Computer program code for carrying out operations of the present invention may be written in an object oriented programming language such as Java, Smalltalk, C++ or the like. However, the computer program code for carrying out operations of the present invention may also be written in conventional procedural programming languages, such as the “C” programming language or similar programming languages. The program code may execute entirely on the user's computer, partly on the user's computer, as a stand-alone software package, partly on the user's computer and partly on a remote computer or entirely on the remote computer or server. In the latter scenario, the remote computer may be connected to the user's computer through a local area network (LAN) or a wide area network (WAN), or the connection may be made to an external computer (for example, through the Internet using an Internet Service Provider).
The present disclosure is described below with reference to flowchart illustrations and/or block diagrams of methods, apparatus (systems) and computer program products according to embodiments of the invention. It will be understood that each block of the flowchart illustrations and/or block diagrams, and combinations of blocks in the flowchart illustrations and/or block diagrams, can be implemented by computer program instructions. These computer program instructions may be provided to a processor of a general-purpose computer, special purpose computer, or other programmable data processing apparatus to produce a machine, such that the instructions, which execute via the processor of the computer or other programmable data processing apparatus, create means for implementing the functions/acts specified in the flowchart and/or block diagram block or blocks.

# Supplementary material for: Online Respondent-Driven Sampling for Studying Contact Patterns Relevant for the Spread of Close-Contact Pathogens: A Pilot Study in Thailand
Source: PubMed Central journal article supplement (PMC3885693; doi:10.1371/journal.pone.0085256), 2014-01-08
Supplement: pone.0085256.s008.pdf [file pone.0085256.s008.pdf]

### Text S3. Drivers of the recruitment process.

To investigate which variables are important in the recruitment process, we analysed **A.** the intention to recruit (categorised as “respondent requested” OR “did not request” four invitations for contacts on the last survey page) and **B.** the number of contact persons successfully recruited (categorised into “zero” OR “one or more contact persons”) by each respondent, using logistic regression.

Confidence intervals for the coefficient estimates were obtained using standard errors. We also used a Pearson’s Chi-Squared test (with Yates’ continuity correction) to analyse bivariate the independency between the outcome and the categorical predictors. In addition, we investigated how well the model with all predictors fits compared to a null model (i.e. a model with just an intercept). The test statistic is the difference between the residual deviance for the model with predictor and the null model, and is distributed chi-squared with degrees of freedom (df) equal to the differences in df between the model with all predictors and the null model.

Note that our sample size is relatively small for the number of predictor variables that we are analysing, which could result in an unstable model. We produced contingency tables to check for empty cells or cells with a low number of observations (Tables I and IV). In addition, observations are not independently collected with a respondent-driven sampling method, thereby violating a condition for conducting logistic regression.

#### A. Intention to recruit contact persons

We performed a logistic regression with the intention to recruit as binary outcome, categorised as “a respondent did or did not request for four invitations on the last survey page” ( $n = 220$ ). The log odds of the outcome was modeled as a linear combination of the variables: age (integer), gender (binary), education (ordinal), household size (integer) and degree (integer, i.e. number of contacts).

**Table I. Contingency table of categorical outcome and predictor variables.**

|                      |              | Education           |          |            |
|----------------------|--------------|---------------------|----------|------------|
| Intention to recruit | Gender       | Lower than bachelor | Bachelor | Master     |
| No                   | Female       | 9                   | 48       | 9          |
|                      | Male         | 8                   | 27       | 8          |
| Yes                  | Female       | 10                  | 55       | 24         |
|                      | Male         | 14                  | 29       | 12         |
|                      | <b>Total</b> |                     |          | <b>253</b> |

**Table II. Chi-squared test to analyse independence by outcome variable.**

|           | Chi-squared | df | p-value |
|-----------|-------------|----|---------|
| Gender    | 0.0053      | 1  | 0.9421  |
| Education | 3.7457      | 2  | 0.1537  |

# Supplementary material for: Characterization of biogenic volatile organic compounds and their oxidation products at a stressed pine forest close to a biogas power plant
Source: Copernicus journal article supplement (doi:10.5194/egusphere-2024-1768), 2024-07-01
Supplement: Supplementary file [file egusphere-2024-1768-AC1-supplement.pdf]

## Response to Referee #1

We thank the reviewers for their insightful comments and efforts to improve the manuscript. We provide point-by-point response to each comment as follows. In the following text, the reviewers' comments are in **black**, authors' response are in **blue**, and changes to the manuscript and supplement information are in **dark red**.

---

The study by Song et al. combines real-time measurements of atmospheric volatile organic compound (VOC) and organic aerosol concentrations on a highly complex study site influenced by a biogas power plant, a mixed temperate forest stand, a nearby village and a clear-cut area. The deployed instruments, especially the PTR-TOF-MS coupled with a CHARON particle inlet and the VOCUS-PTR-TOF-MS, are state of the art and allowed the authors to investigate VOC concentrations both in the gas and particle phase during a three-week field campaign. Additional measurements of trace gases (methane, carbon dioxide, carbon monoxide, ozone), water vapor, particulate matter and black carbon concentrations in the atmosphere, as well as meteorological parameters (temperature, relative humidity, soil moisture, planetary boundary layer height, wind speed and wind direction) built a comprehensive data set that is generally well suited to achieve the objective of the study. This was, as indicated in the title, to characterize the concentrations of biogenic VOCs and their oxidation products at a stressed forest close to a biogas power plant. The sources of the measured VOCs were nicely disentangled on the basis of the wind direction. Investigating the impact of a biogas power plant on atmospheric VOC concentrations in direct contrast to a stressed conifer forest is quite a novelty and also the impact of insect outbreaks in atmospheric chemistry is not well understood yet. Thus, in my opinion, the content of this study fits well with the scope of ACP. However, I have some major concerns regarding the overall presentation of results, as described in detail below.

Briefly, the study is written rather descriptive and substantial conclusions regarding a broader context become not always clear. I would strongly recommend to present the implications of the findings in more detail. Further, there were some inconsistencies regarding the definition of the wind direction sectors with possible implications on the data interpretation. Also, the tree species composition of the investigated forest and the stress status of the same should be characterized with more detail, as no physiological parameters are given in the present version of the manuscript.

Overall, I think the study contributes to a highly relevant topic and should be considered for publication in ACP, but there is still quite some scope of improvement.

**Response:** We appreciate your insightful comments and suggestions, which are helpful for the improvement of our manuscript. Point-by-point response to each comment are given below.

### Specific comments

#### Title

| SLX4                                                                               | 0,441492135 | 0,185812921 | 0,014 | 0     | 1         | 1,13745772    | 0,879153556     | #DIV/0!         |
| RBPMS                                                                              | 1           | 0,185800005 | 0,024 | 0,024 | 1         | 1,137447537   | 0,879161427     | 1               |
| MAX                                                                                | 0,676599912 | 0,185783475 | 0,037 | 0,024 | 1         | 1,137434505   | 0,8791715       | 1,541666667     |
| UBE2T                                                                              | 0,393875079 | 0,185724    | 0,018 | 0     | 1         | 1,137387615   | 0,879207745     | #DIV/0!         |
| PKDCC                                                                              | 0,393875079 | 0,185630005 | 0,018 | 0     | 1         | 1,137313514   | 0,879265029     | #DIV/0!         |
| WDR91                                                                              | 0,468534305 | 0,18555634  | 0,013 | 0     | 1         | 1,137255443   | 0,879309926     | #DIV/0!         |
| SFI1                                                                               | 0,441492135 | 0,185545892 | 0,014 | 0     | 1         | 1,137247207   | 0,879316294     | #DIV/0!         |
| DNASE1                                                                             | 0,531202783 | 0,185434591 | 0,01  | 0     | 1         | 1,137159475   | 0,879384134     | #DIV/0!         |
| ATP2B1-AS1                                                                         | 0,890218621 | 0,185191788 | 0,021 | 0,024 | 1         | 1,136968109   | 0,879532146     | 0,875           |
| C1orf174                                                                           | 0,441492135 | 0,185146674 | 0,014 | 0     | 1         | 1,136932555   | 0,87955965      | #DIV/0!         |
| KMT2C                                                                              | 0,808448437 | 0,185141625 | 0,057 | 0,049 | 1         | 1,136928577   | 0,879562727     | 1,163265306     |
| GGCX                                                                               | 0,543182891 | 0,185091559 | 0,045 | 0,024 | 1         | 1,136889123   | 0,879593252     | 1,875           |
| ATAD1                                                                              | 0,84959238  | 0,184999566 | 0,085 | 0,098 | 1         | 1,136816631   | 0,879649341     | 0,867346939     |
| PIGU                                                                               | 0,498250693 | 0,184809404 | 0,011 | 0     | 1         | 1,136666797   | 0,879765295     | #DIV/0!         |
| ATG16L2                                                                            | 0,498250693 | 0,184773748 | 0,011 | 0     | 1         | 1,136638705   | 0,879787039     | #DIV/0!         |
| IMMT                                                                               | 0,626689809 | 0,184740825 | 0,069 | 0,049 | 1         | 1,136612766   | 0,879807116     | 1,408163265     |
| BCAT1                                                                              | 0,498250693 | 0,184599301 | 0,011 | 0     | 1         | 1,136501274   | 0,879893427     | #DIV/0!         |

These computer program instructions may also be stored in a computer-readable memory that can direct a computer or other programmable data processing apparatus to function in a particular manner, such that the instructions stored in the computer-readable memory produce an article of manufacture including instructions which implement the function/act specified in the flowchart and/or block diagram block or blocks.
The computer program instructions may also be loaded onto a computer or other programmable data processing apparatus to cause a series of operational steps to be performed on the computer or other programmable apparatus to produce a computer implemented process such that the instructions which execute on the computer or other programmable apparatus provide steps for implementing the functions/acts specified in the flowchart and/or block diagram block or blocks.